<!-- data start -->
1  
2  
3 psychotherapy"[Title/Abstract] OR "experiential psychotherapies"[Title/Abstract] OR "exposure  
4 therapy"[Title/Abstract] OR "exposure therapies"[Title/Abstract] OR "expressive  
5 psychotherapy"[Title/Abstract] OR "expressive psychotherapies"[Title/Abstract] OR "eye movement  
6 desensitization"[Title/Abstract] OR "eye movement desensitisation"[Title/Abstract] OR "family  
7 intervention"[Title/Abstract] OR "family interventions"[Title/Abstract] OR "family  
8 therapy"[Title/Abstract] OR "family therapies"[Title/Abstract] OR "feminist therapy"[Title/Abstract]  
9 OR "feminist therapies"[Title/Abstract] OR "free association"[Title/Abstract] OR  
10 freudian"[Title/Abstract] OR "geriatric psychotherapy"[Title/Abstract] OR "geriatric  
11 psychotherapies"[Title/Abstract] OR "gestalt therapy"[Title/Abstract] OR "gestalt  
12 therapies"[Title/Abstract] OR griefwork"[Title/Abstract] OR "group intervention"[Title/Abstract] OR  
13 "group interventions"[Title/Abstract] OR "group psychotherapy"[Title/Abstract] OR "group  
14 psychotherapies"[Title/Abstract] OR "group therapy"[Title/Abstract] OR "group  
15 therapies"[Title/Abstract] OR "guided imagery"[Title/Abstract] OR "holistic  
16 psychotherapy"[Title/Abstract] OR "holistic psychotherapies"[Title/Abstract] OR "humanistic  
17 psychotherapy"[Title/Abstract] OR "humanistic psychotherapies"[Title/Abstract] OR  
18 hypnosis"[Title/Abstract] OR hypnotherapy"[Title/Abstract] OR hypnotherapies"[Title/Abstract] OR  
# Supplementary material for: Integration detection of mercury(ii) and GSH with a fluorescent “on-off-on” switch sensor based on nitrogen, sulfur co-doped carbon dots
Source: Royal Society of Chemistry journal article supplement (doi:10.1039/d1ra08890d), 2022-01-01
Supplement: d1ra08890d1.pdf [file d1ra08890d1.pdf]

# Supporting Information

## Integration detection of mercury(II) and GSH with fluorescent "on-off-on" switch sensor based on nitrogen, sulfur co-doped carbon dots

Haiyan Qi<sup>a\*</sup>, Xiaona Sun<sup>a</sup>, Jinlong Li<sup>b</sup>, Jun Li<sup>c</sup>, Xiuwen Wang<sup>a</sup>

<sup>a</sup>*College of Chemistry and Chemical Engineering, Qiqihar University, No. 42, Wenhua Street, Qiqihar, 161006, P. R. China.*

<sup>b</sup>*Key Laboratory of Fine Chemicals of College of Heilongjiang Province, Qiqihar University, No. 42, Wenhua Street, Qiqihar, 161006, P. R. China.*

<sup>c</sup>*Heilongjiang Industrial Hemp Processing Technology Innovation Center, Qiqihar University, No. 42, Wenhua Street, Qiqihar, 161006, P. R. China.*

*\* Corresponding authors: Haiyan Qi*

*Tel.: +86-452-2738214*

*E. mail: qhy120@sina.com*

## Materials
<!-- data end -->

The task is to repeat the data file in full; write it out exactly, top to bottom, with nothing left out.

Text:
1  
2  
3 psychotherapy"[Title/Abstract] OR "experiential psychotherapies"[Title/Abstract] OR "exposure  
4 therapy"[Title/Abstract] OR "exposure therapies"[Title/Abstract] OR "expressive  
5 psychotherapy"[Title/Abstract] OR "expressive psychotherapies"[Title/Abstract] OR "eye movement  
6 desensitization"[Title/Abstract] OR "eye movement desensitisation"[Title/Abstract] OR "family  
7 intervention"[Title/Abstract] OR "family interventions"[Title/Abstract] OR "family  
8 therapy"[Title/Abstract] OR "family therapies"[Title/Abstract] OR "feminist therapy"[Title/Abstract]  
9 OR "feminist therapies"[Title/Abstract] OR "free association"[Title/Abstract] OR  
10 freudian"[Title/Abstract] OR "geriatric psychotherapy"[Title/Abstract] OR "geriatric  
11 psychotherapies"[Title/Abstract] OR "gestalt therapy"[Title/Abstract] OR "gestalt  
12 therapies"[Title/Abstract] OR griefwork"[Title/Abstract] OR "group intervention"[Title/Abstract] OR  
13 "group interventions"[Title/Abstract] OR "group psychotherapy"[Title/Abstract] OR "group  
14 psychotherapies"[Title/Abstract] OR "group therapy"[Title/Abstract] OR "group  
15 therapies"[Title/Abstract] OR "guided imagery"[Title/Abstract] OR "holistic  
16 psychotherapy"[Title/Abstract] OR "holistic psychotherapies"[Title/Abstract] OR "humanistic  
17 psychotherapy"[Title/Abstract] OR "humanistic psychotherapies"[Title/Abstract] OR  
18 hypnosis"[Title/Abstract] OR hypnotherapy"[Title/Abstract] OR hypnotherapies"[Title/Abstract] OR  
# Supplementary material for: Integration detection of mercury(ii) and GSH with a fluorescent “on-off-on” switch sensor based on nitrogen, sulfur co-doped carbon dots
Source: Royal Society of Chemistry journal article supplement (doi:10.1039/d1ra08890d), 2022-01-01
Supplement: d1ra08890d1.pdf [file d1ra08890d1.pdf]

# Supporting Information

## Integration detection of mercury(II) and GSH with fluorescent "on-off-on" switch sensor based on nitrogen, sulfur co-doped carbon dots

Haiyan Qi<sup>a\*</sup>, Xiaona Sun<sup>a</sup>, Jinlong Li<sup>b</sup>, Jun Li<sup>c</sup>, Xiuwen Wang<sup>a</sup>

<sup>a</sup>*College of Chemistry and Chemical Engineering, Qiqihar University, No. 42, Wenhua Street, Qiqihar, 161006, P. R. China.*

<sup>b</sup>*Key Laboratory of Fine Chemicals of College of Heilongjiang Province, Qiqihar University, No. 42, Wenhua Street, Qiqihar, 161006, P. R. China.*

<sup>c</sup>*Heilongjiang Industrial Hemp Processing Technology Innovation Center, Qiqihar University, No. 42, Wenhua Street, Qiqihar, 161006, P. R. China.*

*\* Corresponding authors: Haiyan Qi*

*Tel.: +86-452-2738214*

*E. mail: qhy120@sina.com*

## Materials